At an Intersection in Copenhagen, or Five Ways of Looking at a Traffic Light

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1. As Ike approached the intersection he grew more annoyed than usual. He could clearly see that the traffic signal was broken: it displayed both red and green simultaneously. Yet no one was there directing traffic, or making repairs, or even simply assessing the problem. If he were in charge (and he did have a considerable amount of administrative experience) things would be different. He would have someone there dealing with the defective light and with the safety issue. And he would be particularly focused on who was at fault for letting matters get to this impasse in the first place. That information about who was to blame would be especially important, in his view. There ought to be consequences.

But for now, his primary concern was to safely make his way through the intersection. After quickly assessing positions, velocities, and so forth, Ike calculated and executed a likely passage through the intersection, narrowly avoiding a city bus that almost crossed directly into him as he traversed the intersection.

2. Neils was having difficulty figuring out the traffic light. Was it red, or was it green? Sometimes it seemed to be one color, sometimes the other, but most of the time it looked to him as though it were both colors at once. Bemused by the situation, he speculated about different possible causes of the ambiguity: was he too distracted by his almost daydream-like visualizations of miniature planetary systems? Or was he concentrating too hard, trying to read more into the light than was actually there? Surely there was a joke or witticism waiting to be discovered in the situation. Neils decided these musings could wait until later, when he had returned to his office. Right now, however, he still needed to make his way across town.

But no matter how much he tried to see both sides of the problem, he could not resolve the state of the light while he was approaching the intersection. Not until he had finally fully entered the intersection did Neils realize, too late, that the signal was red. His car was struck from the side by a city bus traveling at full speed, and Neils was killed almost instantly.

3. David was puzzled by the fact that the traffic light in the intersection he was approaching did not seem to be functioning quite as it should. He could not seem to determine whether it was showing red or green. Not only was the immediate practical situation annoying, but the underlying socio-political issue was vexing, too. Such a problem should not occur in a society like this, a society focused so firmly on the people and their welfare, he thought, before returning his attention to the pragmatic problem at hand.

But as he entered the intersection, David realized instantly that he already knew what color the light was, and he knew about the bus approaching from the other road that crossed here. It was as if he had always known, as if some part of him had always been at this crossroads, and had secretly whispered to him what circumstances he was facing. And because of this, David was able to pass safely and uneventfully through the intersection.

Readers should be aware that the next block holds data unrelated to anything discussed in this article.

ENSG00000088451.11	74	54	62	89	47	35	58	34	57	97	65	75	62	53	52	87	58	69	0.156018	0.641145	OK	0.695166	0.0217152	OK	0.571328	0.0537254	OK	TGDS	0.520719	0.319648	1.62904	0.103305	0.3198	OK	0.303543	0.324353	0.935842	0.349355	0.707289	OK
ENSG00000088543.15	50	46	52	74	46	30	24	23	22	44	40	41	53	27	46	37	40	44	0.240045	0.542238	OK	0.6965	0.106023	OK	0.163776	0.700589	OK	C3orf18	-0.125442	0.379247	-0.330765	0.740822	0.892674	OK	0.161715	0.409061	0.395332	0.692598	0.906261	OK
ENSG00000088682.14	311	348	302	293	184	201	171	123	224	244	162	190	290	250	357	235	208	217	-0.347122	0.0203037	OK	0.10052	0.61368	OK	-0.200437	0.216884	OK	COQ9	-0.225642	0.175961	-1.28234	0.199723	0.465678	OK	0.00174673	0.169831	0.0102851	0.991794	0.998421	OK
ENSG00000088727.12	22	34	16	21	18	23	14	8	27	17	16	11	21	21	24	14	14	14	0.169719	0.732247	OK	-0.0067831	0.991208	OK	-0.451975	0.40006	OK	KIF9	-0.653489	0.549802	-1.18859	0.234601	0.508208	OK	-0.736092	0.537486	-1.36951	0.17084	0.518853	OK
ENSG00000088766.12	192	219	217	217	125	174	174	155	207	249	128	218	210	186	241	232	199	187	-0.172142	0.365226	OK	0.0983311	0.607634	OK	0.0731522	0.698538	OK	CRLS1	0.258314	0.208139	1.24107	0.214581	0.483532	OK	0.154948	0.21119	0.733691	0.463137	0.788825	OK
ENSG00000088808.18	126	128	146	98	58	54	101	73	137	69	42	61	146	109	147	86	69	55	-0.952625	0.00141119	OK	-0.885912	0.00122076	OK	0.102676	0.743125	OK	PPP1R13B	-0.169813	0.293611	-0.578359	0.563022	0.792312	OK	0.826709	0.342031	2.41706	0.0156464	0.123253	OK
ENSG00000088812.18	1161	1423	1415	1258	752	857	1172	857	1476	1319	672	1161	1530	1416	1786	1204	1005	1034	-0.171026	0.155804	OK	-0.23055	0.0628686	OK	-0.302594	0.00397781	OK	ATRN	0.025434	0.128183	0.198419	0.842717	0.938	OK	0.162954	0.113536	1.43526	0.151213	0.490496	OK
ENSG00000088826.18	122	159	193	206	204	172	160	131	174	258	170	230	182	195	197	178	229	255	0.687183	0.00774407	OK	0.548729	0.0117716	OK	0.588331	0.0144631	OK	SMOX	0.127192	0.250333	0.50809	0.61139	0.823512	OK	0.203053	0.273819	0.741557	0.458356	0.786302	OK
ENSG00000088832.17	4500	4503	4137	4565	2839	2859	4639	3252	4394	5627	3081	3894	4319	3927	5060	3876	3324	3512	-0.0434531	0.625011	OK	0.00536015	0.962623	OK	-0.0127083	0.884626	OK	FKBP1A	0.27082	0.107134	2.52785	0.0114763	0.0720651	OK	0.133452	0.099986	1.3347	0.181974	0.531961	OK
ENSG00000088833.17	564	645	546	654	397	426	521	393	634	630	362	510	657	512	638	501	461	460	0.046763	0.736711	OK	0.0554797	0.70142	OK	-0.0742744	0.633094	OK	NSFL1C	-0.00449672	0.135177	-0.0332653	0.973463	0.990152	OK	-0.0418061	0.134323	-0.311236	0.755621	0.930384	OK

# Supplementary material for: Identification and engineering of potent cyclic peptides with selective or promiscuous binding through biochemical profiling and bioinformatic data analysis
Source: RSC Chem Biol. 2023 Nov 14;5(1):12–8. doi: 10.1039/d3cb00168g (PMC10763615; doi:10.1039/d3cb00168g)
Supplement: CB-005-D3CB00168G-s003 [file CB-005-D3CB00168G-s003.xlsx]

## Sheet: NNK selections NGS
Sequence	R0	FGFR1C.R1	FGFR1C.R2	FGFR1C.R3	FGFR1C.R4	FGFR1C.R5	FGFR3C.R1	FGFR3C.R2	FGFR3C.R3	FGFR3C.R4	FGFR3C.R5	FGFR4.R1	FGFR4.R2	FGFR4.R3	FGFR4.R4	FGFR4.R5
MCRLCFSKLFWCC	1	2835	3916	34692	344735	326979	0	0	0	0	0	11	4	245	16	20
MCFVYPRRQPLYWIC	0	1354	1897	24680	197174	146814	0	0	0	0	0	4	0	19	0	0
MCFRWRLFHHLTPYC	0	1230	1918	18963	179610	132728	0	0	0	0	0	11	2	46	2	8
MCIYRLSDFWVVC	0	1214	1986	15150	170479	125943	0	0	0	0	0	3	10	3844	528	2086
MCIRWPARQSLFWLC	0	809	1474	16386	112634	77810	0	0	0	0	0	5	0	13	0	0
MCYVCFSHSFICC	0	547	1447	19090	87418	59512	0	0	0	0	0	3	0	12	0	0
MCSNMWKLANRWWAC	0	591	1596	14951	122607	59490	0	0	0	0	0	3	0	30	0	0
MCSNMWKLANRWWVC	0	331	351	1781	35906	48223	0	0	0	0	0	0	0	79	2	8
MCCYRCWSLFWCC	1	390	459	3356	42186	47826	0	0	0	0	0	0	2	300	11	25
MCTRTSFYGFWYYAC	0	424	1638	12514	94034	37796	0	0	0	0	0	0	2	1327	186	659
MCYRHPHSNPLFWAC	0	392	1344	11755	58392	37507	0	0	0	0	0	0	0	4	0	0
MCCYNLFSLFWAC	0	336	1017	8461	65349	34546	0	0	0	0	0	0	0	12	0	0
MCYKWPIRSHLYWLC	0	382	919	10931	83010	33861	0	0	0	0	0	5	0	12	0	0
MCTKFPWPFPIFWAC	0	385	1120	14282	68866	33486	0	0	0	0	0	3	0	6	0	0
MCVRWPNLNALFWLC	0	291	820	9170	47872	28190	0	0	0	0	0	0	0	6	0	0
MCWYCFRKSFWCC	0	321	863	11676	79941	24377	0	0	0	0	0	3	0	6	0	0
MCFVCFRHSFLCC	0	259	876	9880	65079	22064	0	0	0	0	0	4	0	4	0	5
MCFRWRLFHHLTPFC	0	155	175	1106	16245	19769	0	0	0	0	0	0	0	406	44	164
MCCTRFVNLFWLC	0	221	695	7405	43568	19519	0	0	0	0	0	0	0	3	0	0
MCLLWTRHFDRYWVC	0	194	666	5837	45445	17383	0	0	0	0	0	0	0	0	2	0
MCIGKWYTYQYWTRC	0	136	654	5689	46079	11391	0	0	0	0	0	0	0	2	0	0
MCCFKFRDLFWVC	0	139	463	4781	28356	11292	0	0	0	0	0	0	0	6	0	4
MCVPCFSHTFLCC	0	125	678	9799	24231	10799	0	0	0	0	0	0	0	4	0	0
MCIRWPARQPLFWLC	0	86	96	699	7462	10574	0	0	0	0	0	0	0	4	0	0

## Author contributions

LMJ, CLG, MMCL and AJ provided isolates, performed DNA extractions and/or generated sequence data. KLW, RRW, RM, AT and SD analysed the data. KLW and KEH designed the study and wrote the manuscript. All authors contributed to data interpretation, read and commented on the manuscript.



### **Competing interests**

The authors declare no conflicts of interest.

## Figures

4. True to his temperament, Hugh was largely unfazed, if perhaps a bit disappointed, to perceive a malfunctioning traffic signal at the approaching intersection. He had an important consulting job to get to, a meeting with a high military official, and he did not wish to be delayed by something as trivial as a broken stoplight. So, indifferent to any immediate potential hazard, he proceeded towards the intersection apace.

Hugh, finding the light to in fact be green as he came into the center of the intersection, safely passed through and continued on his way. He arrived on time for his consulting meeting.

And also, at the same time:

Hugh, to his chagrin, found the light to be solidly red as he attempted to make his way through the intersection. His car was struck from the side by a city bus traveling at full speed, and Hugh was killed almost instantly. Hugh was not just late for his meeting: He never arrived at all.

5. As I try to find my way to the science fiction convention I have come here to attend, I find myself driving towards an unusual intersection. While the light is still too far away for me to be able to quite resolve it, there is something about the intersection that strikes me as being strange, although I can't quite put my finger on what particular quality distinguishes this intersection from so many others.

Once I get close enough to the intersection to see the signal clearly, the light - and the intersection, too! - the whole thing - collapses instantaneously to a single point.

Still astounded by what I have just witnessed, but prevented by traffic from stopping to contemplate and absorb the situation, and unable to follow my original, now non-existent path, I end up taking an entirely different route to my destination. When I finally arrive at the convention, the first discussion I hear as I enter is on the topic of incorporating quantum mechanical ideas into science fiction stories without making the tales too abstract and off-putting.

About the Author: 
Peter Roberts, mathematically trained, is a poet who occasionally writes fiction. His fiction has appeared in places like Daily Science Fiction & the "Futures" section of Nature.